There is a reason God did not simply speak us into existence, as He did the vegetation, the animals, the moon and stars. Instead, He chose to create us out of the Earth. He shaped us with His fingers - from the soil. Why would He do that? Could it be that humans have a relationship with the Earth and the Earth has relationship with us that we don't yet understand? Could it be that just as it was with Cain, our choices affect the Earth?

Walk in Righteousness, Not Sin

Perhaps when we walk not in sin but in righteousness, we will see the Earth "yield its strength" to us. What would that look like? No doubt, the full answer to that question would require much, much more space than I have here, but Abraham's story seems to give a slight understanding.

In Genesis, God told Abraham, "Go to the land I will show you." He didn't tell him where to go or give him directions, but Abraham still somehow ended up right where he was supposed to be. The only trail he apparently followed was the one his flocks and herds took as they sought pasture on the Earth. So the land itself helped Abraham get to where he was going. It yielded to his righteousness, and the result was that he walked in the fullness of his destiny.

We tend to gloss over how creation is supposed to help us follow God's purpose. But as we gain a deeper understanding of how He designed creation to work, the more we will be able to comprehend why He does what He does in our lives and what we can do to cooperate with Him.

John Paul Jackson


Kamis, 15 April 2010


-David Wilkerson.

The Holy Ghost came to a godly man living in Damascus named
Ananias. The Spirit instructed Ananias to go to Judas' house on
Straight Street, lay hands on Saul and restore his sight.

Of course, Ananias knew of Saul's reputation and he realized this
was going to be dangerous. Yet, here is how the Holy Spirit
recommended Saul to Ananias: "Behold, he prayeth" (Acts 9:11).

The Lord was saying, in essence, "Ananias, you will find this
man on his knees. He knows you are coming. He even knows
your name, and why you're being sent to him. He wants his eyes

When did Saul receive this inner knowing? How did he receive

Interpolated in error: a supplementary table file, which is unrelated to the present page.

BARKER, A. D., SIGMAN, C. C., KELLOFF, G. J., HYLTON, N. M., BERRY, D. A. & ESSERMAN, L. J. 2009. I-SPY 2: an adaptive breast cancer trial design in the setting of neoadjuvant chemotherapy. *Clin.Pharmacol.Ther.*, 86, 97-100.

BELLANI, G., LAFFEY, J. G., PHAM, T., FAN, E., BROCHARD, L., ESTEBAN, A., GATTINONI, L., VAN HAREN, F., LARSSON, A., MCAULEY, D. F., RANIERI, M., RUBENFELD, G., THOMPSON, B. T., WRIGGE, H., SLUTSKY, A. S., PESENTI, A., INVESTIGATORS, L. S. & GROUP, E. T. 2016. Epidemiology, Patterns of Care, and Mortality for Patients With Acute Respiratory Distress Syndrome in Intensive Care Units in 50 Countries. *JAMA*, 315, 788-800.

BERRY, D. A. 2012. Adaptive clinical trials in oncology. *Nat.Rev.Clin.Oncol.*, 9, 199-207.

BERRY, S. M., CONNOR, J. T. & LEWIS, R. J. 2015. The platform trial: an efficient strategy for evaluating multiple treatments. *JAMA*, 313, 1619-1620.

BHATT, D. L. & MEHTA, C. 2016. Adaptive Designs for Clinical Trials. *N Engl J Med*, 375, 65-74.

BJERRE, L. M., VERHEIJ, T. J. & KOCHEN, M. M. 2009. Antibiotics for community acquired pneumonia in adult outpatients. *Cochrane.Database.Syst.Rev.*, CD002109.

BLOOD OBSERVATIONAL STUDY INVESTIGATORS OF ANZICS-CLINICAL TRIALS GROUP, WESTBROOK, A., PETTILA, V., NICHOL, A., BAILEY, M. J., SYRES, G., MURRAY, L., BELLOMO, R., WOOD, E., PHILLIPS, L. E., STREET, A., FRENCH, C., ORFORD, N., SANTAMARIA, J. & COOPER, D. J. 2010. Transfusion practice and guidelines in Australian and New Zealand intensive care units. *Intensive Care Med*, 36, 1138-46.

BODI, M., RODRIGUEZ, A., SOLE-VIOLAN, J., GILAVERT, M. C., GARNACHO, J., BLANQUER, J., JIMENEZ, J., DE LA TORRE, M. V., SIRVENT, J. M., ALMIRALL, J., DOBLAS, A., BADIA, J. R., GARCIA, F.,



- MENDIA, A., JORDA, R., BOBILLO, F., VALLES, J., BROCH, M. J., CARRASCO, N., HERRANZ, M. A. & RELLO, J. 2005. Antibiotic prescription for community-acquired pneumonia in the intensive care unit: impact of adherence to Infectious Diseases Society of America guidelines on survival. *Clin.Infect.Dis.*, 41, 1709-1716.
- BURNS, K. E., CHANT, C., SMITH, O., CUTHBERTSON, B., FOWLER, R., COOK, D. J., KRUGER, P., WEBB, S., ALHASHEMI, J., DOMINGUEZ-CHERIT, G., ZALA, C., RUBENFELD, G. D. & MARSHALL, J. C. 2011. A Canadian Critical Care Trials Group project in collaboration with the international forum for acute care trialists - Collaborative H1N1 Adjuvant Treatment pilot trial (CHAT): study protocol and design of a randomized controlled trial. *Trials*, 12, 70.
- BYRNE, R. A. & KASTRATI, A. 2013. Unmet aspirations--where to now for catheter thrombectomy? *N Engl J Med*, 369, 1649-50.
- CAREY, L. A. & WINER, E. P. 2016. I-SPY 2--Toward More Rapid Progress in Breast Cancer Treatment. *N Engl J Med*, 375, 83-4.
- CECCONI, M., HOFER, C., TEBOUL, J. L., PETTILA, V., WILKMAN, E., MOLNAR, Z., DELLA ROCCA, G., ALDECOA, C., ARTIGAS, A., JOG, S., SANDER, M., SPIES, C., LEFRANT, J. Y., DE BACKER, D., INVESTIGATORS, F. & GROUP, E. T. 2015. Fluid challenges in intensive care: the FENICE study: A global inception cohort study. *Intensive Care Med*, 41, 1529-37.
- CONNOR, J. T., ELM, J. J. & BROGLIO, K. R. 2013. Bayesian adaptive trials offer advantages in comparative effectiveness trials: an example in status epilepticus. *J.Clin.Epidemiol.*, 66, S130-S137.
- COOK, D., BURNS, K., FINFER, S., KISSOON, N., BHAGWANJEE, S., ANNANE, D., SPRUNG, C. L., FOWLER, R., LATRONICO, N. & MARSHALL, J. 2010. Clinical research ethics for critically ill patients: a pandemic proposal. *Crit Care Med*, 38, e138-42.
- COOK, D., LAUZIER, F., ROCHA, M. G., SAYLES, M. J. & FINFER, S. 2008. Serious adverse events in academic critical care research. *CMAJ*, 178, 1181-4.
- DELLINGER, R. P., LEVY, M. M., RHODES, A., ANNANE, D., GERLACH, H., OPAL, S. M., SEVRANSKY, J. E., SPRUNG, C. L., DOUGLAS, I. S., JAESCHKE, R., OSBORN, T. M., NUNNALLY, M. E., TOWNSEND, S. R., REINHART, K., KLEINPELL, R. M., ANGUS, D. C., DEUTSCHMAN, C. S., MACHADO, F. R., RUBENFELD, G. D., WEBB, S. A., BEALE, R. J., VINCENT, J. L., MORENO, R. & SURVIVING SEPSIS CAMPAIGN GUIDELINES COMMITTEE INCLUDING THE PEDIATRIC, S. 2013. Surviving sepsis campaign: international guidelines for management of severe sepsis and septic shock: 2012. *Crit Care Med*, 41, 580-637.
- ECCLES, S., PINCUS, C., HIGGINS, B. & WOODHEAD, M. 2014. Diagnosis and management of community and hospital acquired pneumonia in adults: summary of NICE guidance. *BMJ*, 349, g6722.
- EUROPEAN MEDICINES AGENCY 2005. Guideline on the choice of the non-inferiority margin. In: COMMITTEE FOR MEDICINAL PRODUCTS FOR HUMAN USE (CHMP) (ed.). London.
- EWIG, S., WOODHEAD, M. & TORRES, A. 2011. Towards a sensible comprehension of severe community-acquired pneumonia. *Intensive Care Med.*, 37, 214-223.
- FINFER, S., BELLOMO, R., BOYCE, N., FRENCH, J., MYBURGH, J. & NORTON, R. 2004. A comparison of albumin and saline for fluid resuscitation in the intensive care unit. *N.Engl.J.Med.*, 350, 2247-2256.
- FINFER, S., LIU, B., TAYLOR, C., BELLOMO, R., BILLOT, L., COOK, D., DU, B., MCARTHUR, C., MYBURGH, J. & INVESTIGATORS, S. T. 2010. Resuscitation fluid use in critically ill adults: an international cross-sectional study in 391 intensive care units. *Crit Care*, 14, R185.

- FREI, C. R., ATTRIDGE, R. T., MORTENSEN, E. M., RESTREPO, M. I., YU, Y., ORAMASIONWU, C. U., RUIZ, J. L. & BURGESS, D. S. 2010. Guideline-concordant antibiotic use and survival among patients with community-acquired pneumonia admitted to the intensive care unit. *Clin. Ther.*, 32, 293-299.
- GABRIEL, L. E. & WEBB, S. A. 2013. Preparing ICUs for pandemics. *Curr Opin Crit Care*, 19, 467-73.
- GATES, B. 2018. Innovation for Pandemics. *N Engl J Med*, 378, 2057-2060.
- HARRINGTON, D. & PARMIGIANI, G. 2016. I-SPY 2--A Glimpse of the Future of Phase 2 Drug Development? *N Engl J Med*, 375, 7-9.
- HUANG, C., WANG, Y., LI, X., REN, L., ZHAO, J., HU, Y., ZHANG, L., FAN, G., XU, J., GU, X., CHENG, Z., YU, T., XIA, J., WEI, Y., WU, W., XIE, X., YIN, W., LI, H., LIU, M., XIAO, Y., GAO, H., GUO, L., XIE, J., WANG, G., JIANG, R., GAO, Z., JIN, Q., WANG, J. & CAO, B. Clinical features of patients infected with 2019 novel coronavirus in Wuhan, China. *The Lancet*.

this vision, this pure word from God? It came through fervent
prayer and supplication. In fact, I believe the Spirit's words to
Ananias reveal what moved God's heart about Saul: "Behold, he

Saul had been shut in with God for three days, refusing all food
and water. All he wanted was the Lord. So he continued on his
knees all that time, praying and seeking God.

When I was growing up, my preacher father taught me, "God
always makes a way for a praying man." There have been
periods in my life when the Lord has provided indisputable
evidence of this. I was called to preach at eight years of age,
when the Holy Spirit came upon me. I wept and prayed, crying
out, "Fill me, Lord Jesus." Later as a teenager I prayed until
the Spirit came upon me in divine intensity.

As a young pastor a deep hunger rose up in me that caused me
to pray diligently. Something in my heart told me, "There's more
to serving Jesus than what I am doing." So I spent months on my
knees - weeping and praying for hours at a time - when finally the
Lord called me to go to New York City to minister to gangs and
drug addicts.

I was also on my knees twenty years ago, seeking God with tears
and loud crying, when he called me back to New York to start a
church in Times Square.

If I have ever heard from God - if I have any revelation of Christ,
any measure of the mind of Christ - it came not through Bible
study alone. It came through prayer. It came from seeking God
in the secret place.

SOURCE - http://www.worldchallenge.org/en/node/8275